Nuclear physicists have found a new way to see details inside atomic nuclei 1. They do so by tracking interactions between photons and gluons—the gluelike particles that hold together the building blocks of protons and neutrons. The method relies on harnessing a new type of quantum interference between two dissimilar particles. Tracking how these entangled particles emerge from the interactions lets scientists map out the arrangement of gluons.
This technique is similar to how positron emission tomography (PET) scans image the brain and other body parts, but it works at the scale of femtometres—quadrillionths of a metre. It will help scientists understand how gluons build up the structure of protons, neutrons, and the atoms that make up ordinary matter. The quantum interference measurement occurs between dissimilar particles that strike meters apart in the detector.
The researchers used the Relativistic Heavy Ion Collider (RHIC), a facility that accelerates and collides the nuclei of atoms such as gold. These speeding nuclei are surrounded by a cloud of polarized photons—particles of light. Through a series of quantum fluctuations, the photons surrounding one speeding ion can interact with the gluons in the other. By tracking the velocity and angles at which certain particles emerge from these interactions, the scientists can measure the photon polarization very precisely. This allows them to map out the distribution of gluons both along the polarization direction and perpendicular to it, resulting in a more precise gluon distribution than measured previously.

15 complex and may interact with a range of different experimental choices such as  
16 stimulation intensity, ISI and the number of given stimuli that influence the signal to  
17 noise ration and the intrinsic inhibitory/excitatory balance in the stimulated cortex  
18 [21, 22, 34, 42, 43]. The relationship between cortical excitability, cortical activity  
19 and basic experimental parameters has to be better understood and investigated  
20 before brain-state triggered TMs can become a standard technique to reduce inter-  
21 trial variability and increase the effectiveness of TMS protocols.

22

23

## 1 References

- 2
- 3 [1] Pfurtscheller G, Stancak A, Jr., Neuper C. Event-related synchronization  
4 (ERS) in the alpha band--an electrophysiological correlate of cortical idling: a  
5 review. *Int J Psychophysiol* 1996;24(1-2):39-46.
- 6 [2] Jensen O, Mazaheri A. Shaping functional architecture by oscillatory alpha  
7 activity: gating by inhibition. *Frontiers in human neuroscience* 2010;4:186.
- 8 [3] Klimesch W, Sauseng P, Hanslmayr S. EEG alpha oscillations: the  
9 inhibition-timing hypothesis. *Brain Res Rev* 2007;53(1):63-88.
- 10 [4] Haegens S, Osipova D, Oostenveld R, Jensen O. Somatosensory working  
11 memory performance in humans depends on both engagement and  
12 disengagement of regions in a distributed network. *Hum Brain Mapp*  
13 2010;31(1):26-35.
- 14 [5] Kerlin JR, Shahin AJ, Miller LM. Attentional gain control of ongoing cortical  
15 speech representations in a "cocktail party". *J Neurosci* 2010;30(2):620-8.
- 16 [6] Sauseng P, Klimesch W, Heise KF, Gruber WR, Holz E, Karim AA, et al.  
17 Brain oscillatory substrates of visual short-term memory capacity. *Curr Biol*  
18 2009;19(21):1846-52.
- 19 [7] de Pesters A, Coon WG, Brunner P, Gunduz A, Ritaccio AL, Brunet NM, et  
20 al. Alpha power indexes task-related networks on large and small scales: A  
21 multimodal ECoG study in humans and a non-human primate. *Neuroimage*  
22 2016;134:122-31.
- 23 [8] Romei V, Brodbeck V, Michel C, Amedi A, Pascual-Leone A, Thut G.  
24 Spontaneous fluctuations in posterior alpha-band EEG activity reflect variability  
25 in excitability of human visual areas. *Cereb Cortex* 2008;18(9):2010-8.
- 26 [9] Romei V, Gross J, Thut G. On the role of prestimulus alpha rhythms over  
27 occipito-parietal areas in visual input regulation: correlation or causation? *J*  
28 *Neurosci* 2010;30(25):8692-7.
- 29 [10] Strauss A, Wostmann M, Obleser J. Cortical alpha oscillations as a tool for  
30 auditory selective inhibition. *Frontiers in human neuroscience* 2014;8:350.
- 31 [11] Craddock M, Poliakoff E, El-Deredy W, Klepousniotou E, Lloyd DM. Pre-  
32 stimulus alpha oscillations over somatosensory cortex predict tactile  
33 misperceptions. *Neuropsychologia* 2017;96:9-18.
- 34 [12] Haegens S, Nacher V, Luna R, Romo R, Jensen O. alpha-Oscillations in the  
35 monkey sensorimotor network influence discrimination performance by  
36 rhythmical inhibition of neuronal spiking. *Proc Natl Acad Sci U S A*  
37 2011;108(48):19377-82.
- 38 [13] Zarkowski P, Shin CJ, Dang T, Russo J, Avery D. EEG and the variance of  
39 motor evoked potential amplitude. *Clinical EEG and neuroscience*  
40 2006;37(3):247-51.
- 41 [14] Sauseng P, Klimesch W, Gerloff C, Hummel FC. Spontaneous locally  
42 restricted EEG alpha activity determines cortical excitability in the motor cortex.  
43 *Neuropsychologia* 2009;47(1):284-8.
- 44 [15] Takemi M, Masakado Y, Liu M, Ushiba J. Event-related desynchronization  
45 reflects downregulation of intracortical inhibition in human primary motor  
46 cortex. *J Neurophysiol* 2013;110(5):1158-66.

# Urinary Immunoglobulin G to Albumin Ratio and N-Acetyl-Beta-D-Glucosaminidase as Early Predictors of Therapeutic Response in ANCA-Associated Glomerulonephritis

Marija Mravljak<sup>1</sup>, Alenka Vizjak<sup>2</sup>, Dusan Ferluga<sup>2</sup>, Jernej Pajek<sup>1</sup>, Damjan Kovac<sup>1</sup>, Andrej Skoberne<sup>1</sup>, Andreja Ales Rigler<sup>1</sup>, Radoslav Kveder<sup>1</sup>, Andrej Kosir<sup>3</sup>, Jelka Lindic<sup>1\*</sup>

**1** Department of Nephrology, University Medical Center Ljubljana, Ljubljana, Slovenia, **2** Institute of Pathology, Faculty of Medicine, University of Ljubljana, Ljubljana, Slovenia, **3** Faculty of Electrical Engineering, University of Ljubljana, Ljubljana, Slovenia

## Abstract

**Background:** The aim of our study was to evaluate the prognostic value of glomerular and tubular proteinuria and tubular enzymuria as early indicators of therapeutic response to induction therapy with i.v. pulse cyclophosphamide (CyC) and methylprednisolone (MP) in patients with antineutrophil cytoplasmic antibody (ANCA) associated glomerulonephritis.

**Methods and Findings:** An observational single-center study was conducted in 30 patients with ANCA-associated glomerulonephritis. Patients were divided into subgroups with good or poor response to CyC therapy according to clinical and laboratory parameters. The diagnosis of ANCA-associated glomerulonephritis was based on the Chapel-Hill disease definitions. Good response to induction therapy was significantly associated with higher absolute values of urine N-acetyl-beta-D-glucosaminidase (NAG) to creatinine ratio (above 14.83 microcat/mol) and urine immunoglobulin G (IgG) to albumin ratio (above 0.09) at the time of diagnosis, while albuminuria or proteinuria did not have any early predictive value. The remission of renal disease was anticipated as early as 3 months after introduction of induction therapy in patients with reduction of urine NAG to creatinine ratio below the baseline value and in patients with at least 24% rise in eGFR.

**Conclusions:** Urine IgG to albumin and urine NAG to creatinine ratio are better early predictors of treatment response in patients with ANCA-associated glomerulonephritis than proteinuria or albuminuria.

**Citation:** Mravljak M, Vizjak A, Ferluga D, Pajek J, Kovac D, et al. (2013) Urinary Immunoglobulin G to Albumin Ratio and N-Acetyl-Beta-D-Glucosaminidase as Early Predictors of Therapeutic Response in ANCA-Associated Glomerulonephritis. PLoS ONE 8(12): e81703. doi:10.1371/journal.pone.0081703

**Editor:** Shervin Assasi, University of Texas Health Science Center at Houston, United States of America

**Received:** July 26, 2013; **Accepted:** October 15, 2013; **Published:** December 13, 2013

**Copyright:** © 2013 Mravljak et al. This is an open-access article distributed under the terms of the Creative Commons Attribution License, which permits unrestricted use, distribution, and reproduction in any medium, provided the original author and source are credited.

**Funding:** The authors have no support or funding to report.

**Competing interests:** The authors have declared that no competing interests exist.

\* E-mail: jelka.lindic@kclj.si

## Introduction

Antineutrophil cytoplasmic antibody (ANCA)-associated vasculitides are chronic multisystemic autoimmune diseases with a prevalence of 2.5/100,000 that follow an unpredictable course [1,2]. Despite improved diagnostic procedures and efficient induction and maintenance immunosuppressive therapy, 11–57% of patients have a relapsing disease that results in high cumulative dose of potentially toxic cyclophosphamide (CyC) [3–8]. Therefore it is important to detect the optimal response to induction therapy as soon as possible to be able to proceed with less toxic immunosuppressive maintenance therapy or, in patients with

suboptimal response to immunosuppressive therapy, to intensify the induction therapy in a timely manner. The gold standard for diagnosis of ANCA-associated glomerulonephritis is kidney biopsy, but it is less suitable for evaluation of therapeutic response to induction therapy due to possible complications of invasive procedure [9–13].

To make these measurements, the scientists tracked two pions—one with a positive charge, the other with a negative charge. Each is made up of the combined wavefunctions of particles emerging from a decay process that occurs inside each of the two nuclei passing at a “long” distance (for nuclei). Interference patterns between these particles’ wavefunctions indicated that the oppositely charged particles striking RHIC’s STAR detector are entangled, or in sync with one another.
This first-ever experimental observation of interference between dissimilar particles makes it possible to measure the photon polarization—and may open new avenues for harnessing quantum entanglement. Almost all such attempts to date, including in the field of quantum computing, have explored entanglement between identical particles.
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